DUBAI // “Passing the buck” on fire safety will be halted by the updated Fire and Life Safety Code to be released next month.
A new section on responsibility puts the onus on consultants and developers as well as residents – owners and tenants – to keep a building safe from fire.
In another key provision, the main consultant, manufacturer or supplier of fire safety material, plus an independent third-party inspection agency, must jointly sign off on completion of every project before final approval from the civil defence.
“This has made the responsibilities very clear so that no one can claim it’s ‘not part of my function’,” said Sajid Raza, a member of the Fire Code Council which is involved in workshops with other consultants working with Dubai Civil Defence. “This serves a purpose so authorities can get hold of the party concerned if any incident does occur.”
Each chapter of the code contains a section on accountability.
“This comes from international requirements as in most states in the US where three main parties signing off is mandatory,” said Mr Raza, vice president of Butler Engineering consultancy.
“After The Address fire, the civil defence and Ministry of Interior clearly decided to place responsibility on different units.
“Accountability of the main consultant was under discussion for many years but had not taken shape, so this is a very good move, since not everyone can approach and submit documents to civil defence but only the main consultant or principal architect.”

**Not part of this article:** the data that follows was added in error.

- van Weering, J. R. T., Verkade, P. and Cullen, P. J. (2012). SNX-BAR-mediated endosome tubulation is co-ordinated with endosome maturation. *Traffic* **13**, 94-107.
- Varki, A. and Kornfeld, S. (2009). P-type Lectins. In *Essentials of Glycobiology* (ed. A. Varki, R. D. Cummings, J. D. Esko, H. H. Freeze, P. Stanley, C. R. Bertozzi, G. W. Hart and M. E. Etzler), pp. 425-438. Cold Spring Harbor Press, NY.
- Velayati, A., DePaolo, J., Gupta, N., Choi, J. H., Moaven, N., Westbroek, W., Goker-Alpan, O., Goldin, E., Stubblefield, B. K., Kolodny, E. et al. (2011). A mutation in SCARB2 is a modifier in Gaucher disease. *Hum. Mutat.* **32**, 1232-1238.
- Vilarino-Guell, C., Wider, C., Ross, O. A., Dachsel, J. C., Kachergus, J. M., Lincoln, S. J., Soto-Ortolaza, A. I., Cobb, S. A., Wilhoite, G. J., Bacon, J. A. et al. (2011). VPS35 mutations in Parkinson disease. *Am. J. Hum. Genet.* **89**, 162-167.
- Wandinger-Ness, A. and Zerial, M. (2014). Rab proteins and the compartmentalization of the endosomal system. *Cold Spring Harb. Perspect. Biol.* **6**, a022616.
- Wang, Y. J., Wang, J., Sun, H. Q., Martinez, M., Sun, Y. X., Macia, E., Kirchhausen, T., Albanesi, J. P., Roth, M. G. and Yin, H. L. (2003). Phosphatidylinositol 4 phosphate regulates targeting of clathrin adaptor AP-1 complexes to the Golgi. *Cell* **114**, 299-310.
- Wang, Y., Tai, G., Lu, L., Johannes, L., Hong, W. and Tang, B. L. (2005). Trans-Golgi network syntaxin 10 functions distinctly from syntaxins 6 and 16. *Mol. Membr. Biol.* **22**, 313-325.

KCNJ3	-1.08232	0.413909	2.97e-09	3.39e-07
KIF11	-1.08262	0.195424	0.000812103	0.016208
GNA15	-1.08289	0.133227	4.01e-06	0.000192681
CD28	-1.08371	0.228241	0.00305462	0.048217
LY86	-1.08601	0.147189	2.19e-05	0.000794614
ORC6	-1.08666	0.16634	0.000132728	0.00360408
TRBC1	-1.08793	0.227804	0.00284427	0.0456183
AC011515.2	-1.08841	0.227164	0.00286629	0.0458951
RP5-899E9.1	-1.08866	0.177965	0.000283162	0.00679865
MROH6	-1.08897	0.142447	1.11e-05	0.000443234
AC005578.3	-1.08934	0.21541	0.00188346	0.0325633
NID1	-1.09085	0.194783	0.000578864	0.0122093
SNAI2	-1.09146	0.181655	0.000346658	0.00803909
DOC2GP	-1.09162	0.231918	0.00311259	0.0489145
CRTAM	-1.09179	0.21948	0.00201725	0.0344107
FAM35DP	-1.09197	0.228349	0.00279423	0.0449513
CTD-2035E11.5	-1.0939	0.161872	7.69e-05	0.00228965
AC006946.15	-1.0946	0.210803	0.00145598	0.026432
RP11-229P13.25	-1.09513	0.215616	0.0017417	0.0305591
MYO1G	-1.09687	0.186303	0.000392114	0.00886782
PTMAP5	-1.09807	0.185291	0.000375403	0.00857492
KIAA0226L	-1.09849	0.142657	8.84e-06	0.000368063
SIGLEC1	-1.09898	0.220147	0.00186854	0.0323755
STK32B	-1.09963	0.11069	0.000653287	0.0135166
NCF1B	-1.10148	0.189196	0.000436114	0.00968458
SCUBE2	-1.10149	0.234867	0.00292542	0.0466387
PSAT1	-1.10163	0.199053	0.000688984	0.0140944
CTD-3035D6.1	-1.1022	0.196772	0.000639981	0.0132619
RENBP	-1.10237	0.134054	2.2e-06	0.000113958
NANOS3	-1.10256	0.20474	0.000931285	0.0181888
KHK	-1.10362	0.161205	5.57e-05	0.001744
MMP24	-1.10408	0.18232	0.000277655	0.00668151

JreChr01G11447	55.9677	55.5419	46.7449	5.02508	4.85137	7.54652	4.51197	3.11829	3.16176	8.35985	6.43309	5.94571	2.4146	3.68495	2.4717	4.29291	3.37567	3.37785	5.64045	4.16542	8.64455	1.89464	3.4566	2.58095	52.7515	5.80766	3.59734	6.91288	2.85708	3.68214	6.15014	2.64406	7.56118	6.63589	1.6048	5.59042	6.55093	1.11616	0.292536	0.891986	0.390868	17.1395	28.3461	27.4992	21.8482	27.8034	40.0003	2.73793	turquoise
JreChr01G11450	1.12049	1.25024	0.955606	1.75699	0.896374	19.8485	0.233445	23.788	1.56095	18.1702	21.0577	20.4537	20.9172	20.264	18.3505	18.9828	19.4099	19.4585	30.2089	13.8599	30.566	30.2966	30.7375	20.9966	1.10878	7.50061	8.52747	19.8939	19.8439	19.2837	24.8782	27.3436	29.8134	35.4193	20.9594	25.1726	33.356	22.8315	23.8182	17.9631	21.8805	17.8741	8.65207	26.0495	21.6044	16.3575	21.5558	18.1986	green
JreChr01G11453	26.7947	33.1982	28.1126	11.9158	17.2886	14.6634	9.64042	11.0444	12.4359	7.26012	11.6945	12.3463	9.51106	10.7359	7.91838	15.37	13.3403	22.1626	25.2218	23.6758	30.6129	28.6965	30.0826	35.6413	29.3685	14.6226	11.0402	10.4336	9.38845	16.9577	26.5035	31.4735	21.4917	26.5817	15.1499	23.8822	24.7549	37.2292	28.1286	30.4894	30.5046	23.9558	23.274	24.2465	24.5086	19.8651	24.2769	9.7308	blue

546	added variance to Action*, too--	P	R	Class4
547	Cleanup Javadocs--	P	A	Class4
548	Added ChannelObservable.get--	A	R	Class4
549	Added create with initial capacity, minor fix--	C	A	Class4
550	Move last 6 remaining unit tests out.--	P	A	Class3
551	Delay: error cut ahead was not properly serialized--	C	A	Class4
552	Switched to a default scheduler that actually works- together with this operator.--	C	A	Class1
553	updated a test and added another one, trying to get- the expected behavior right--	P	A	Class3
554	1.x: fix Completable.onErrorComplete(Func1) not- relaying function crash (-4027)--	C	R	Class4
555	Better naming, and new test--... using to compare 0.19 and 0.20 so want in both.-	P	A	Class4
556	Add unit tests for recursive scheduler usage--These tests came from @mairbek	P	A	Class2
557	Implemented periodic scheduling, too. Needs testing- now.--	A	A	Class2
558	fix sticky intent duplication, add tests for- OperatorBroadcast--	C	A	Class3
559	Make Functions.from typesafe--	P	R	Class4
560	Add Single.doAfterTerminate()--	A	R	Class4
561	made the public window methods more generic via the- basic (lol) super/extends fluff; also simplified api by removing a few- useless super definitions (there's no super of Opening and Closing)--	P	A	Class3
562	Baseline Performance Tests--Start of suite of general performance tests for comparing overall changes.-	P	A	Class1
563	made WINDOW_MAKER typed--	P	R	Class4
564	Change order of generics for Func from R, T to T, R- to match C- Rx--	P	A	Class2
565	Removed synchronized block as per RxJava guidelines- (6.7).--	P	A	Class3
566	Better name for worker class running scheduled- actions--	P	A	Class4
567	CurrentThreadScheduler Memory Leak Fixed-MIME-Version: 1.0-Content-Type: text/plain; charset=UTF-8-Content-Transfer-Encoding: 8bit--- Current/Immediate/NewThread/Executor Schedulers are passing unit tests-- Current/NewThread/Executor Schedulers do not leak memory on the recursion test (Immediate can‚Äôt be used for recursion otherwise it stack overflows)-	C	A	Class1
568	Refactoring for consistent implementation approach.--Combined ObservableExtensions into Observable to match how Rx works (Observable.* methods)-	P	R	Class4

The swiftness with which flames raced up The Address Downtown Dubai hotel on New Year’s Eve, and the recent blaze at the Ajman One development, resulted in revisions and additions delaying the code’s release.
Meetings and education workshops have led to risk assessments of buildings with facades of combustible plastic filled aluminium composite panels.
“After analysing the accidents, we put strict rules and tests into the code. All emirates have been working together,” said Maj Gen Rashid Thani Al Matrooshi, director general of Dubai Civil Defence.
“Implementation is critical,” said Drew Azzara, Middle East executive director for the National Fire Protection Association, a global non-profit organisation.
“That is why there is a high level of commitment to education and training about the use and application of the code so everyone is on the same page,” he said. “Codes and standards are always revised to keep up with latest technology.”
The code will include sections on access for the disabled and buildings powered by solar energy with test certificates requirements for solar panels.
It also outlines the responsibilities of residents if fires are sparked by barbecues and shisha, asks developers to provide firefighting infrastructure, holds consultants responsible for at least a year after project delivery and specifies duties of schools and hospitals on safety.
Other changes include prosecuting manufacturers who sell unapproved building material and annual renewal of no-objection certificates by building owners.
Rolling out the code will be key since consultants often take preliminary approval from civil defence as the final stamp.
“Currently once a system is approved, contractors cut corners and consultants do not have the manpower to control installation,” Mr Raza said.
“But the code is focusing on third-party inspections so that every installation is properly inspected.”
(via The National)